Study Overview

We conducted a qualitative study on the perspectives of stakeholders about the adoption of VCTs. The Consolidated Criteria for Reporting Qualitative Research (COREQ) checklist for reporting qualitative research was followed (Multimedia Appendix 1) [25]. Approval for the qualitative study was granted by the Internal Review Board of TNO in April 2020 (reference number: 2020-034).

Theoretical Considerations

To base our investigation on a solid theoretical framework, we utilized Rogers’ diffusion of innovation theory. Rogers’ framework aims to explain how and why a new innovation or technology is, or is not, adopted, where adoption can be defined as “the full use of an innovation [when the innovation] is the best course of action available” [26]. A VCT can be considered a process innovation, which is defined as the implementation of a new or improved delivery method, including substantial changes in techniques, equipment, and/or software [27]. Zhang and colleagues [28] reported their investigation of the factors leading to a successful eHealth process innovation. They used Rogers’ theory to analyze patient acceptance and identify reasons for the utilization of eHealth innovations [28]. Several other recent studies have also used Rogers’ framework to better understand health technology adoption [28,29]. Therefore, Rogers’ theory was considered to be an appropriate framework for this study. Multimedia Appendix 2 [30-33] provides more details about Rogers’ theory and concepts, including the five stages of the innovation-decision process.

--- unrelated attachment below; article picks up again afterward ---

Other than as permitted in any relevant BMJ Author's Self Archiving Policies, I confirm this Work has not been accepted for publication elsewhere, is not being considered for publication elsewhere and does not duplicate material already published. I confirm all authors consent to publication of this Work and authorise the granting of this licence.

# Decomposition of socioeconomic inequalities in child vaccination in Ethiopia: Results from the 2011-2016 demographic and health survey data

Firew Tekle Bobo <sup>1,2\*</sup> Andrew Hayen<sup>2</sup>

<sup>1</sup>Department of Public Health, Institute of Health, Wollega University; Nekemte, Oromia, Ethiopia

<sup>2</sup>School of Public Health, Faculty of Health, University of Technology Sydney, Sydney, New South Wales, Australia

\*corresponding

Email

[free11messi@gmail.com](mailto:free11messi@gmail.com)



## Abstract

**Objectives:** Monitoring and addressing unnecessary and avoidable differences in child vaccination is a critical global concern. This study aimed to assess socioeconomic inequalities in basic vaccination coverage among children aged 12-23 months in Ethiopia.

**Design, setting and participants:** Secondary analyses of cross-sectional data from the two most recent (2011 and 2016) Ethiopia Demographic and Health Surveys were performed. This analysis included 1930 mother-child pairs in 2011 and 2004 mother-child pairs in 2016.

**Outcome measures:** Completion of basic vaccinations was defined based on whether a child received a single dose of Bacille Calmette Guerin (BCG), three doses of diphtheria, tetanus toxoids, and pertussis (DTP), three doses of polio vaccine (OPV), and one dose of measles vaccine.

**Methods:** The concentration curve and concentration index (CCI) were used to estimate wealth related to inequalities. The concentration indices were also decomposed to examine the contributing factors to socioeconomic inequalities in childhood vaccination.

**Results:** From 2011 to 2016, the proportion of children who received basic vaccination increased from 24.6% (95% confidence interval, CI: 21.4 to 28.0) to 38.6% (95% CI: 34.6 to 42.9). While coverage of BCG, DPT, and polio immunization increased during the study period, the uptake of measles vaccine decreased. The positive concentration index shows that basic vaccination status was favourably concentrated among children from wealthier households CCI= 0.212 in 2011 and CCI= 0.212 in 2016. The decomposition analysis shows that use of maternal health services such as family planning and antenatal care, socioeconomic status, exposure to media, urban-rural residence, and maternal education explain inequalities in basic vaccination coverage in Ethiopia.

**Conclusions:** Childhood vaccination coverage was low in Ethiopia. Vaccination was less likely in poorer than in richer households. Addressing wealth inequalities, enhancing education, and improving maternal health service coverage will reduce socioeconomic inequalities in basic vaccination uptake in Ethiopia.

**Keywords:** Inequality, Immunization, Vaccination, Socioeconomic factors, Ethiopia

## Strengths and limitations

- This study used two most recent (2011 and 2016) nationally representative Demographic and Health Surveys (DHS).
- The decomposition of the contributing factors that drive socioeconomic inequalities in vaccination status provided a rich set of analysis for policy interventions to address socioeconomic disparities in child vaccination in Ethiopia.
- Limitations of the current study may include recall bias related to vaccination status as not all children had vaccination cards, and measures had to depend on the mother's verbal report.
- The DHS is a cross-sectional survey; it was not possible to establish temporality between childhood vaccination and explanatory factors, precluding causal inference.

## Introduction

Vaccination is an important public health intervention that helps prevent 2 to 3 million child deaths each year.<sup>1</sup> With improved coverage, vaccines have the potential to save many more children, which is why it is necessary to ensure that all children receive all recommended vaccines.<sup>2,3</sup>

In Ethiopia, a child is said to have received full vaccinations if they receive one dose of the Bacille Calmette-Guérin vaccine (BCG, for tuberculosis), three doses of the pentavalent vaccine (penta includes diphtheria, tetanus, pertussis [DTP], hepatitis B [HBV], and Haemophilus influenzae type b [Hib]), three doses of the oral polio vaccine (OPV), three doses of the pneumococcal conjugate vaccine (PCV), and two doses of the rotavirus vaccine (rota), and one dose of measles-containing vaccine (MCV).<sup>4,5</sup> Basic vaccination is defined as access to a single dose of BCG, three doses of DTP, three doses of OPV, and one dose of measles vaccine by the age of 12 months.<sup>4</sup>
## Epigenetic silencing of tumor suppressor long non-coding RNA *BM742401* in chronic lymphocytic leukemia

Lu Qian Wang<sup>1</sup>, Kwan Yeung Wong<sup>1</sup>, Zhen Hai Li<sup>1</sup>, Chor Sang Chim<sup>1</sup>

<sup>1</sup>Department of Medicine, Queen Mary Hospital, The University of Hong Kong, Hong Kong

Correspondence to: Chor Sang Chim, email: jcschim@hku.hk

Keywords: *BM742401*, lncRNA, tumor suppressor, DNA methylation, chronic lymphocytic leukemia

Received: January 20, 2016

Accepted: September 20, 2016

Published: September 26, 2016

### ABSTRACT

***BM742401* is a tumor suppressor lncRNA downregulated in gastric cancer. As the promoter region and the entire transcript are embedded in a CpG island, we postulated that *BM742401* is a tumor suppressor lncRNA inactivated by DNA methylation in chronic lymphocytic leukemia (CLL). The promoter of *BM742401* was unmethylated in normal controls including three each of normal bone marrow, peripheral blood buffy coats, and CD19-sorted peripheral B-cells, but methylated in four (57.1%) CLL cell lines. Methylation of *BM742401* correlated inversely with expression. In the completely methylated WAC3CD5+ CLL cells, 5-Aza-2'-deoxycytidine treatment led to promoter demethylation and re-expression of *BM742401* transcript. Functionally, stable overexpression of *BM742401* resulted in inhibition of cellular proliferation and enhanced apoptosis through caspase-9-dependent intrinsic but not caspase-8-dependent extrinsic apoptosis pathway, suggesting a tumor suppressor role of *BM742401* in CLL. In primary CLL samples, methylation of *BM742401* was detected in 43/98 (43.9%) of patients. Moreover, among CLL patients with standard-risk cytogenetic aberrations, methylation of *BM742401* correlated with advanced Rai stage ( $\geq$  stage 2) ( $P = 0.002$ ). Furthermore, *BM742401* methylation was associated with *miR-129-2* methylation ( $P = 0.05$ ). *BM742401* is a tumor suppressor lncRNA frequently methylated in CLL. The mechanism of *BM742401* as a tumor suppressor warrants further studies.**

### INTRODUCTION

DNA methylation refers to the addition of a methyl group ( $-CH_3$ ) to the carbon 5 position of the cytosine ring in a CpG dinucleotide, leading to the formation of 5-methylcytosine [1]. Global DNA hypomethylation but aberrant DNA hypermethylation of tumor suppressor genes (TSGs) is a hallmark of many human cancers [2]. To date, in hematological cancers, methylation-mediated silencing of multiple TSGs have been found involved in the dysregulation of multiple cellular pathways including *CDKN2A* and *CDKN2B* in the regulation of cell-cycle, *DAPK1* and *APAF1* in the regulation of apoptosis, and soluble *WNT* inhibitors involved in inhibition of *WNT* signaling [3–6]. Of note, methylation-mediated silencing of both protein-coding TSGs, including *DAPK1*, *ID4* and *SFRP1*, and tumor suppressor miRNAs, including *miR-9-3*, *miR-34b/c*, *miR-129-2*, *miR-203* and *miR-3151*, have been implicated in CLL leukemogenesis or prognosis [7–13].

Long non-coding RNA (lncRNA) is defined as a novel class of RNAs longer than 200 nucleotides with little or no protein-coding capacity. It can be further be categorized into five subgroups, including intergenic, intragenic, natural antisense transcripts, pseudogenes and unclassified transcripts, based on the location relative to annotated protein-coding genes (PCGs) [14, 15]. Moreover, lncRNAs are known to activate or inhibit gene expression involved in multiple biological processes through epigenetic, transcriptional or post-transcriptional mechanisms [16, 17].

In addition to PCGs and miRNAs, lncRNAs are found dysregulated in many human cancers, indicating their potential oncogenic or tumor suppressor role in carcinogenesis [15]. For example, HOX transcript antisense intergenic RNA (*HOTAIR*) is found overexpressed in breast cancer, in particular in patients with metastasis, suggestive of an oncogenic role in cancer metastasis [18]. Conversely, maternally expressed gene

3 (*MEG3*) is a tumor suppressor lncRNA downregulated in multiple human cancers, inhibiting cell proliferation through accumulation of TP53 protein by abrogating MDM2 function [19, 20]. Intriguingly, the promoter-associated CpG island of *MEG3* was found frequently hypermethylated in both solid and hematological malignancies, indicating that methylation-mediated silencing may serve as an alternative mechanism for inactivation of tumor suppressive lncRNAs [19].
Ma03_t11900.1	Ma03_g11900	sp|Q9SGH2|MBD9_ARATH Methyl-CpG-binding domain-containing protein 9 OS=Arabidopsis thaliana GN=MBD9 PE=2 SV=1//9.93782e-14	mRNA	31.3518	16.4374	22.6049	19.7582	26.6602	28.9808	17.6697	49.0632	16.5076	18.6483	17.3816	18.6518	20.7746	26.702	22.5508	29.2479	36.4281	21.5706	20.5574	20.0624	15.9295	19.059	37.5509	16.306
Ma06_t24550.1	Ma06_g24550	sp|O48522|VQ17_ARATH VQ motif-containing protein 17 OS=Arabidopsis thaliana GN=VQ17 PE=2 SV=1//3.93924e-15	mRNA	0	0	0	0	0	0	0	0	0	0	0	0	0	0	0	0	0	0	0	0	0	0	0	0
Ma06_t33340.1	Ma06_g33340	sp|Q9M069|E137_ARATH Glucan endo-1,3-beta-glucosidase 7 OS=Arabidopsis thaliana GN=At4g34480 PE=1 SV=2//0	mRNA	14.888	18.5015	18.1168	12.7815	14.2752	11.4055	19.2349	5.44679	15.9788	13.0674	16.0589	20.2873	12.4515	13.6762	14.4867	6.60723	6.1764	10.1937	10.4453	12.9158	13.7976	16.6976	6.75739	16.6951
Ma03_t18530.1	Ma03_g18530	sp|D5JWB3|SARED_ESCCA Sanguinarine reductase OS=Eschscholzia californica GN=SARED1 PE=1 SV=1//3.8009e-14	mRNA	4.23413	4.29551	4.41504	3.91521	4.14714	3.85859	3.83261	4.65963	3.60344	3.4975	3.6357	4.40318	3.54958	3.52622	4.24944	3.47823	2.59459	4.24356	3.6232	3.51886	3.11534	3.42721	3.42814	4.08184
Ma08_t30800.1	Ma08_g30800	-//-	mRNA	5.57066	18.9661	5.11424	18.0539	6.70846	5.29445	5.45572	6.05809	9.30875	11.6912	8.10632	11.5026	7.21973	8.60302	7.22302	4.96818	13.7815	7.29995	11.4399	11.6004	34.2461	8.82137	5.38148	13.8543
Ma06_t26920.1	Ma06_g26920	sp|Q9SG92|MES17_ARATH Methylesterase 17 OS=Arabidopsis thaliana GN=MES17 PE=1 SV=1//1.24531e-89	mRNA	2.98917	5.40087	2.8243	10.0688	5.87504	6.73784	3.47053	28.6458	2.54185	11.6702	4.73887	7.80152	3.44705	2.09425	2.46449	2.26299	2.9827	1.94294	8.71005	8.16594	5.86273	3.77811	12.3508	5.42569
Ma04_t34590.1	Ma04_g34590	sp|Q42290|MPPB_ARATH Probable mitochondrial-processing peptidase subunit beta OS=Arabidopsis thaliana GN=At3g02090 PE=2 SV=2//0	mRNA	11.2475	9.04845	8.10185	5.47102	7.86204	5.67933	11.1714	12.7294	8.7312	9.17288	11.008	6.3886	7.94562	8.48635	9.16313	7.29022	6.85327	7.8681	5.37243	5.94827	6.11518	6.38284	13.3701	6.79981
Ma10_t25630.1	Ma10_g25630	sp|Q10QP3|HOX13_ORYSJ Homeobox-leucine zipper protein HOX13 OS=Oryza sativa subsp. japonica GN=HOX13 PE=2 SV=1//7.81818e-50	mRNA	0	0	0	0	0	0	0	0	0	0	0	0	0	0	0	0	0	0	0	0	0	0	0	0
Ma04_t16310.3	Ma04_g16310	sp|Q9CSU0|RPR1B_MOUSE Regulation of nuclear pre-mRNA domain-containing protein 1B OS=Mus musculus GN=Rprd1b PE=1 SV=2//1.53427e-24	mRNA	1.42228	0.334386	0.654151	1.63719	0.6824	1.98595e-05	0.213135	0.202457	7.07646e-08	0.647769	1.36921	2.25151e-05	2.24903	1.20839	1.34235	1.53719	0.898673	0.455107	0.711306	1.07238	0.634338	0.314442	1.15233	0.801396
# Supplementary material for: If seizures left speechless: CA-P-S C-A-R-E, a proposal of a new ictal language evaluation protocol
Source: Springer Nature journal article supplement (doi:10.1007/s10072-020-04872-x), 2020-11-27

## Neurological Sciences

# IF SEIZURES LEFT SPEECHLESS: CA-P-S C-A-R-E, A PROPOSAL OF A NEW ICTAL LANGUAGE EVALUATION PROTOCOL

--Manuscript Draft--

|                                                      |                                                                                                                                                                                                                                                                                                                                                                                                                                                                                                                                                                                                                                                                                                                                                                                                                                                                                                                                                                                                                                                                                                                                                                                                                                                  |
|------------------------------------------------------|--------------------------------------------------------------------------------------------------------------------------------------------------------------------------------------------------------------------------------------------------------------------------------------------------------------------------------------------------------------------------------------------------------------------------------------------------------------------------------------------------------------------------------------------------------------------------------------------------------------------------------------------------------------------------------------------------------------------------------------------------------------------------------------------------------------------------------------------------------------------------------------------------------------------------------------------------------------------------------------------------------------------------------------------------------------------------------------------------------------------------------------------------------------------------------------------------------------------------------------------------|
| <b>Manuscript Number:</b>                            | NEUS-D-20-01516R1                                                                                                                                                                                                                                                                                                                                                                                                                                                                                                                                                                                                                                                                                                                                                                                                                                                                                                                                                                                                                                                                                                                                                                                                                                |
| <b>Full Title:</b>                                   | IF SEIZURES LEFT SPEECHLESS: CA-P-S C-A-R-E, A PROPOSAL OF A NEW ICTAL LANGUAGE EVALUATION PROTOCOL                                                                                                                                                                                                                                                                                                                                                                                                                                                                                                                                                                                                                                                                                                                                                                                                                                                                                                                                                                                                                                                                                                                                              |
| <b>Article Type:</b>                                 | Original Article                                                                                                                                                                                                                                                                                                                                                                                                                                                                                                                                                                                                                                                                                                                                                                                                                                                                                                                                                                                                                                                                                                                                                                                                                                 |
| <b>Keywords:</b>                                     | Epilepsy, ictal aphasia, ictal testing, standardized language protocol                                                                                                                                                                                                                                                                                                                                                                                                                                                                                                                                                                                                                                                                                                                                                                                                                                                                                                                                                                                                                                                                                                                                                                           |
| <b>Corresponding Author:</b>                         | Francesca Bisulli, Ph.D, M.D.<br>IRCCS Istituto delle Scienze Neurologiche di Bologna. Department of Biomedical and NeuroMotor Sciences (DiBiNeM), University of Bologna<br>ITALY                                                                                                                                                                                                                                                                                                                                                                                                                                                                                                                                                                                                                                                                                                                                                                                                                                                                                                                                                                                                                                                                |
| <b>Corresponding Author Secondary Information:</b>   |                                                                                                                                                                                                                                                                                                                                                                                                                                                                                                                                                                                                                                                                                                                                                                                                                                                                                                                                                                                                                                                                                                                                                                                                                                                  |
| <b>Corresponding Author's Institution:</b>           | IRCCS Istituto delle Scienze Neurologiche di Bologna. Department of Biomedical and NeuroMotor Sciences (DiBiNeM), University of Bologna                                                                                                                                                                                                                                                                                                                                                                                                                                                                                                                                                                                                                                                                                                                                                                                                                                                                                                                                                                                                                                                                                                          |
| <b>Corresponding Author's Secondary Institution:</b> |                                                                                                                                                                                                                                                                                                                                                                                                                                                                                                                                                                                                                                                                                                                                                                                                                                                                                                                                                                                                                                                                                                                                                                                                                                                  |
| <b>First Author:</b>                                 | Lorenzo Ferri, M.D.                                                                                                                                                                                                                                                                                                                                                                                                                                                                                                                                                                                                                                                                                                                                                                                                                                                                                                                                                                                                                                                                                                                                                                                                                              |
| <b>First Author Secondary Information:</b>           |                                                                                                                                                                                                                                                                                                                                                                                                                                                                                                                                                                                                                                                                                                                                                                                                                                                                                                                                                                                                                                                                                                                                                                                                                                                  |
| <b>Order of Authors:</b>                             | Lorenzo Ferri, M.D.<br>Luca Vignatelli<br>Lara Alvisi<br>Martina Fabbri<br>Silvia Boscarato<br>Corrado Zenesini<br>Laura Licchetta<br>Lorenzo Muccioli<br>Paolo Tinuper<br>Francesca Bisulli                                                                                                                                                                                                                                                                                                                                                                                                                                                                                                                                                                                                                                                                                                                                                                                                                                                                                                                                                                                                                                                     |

Data Sources and Sampling Strategy

A purposive sampling strategy was used to select invitees [25]. Three stakeholder groups were approached via email: invitees were recruited from TNO (within which people working in the health division were approached), pharmaceutical organizations, and food and health organizations. Within TNO, the Microbiology and Systems Biology (MSB) department supports the research and development activities of companies in the agriculture and food, health, personal care, chemistry, biotechnology, and pharmaceutical sectors. The department collaborates with pharmaceutical, food, and health organizations as well as other companies to set up clinical trials [24]. Within the pharmaceutical industry, a distinction between sponsors and contract research organizations (CROs) can be made. Food and health companies can be defined as organizations that aim to improve health by healthy foods. These organizations study nutrition by conducting nutrition trials.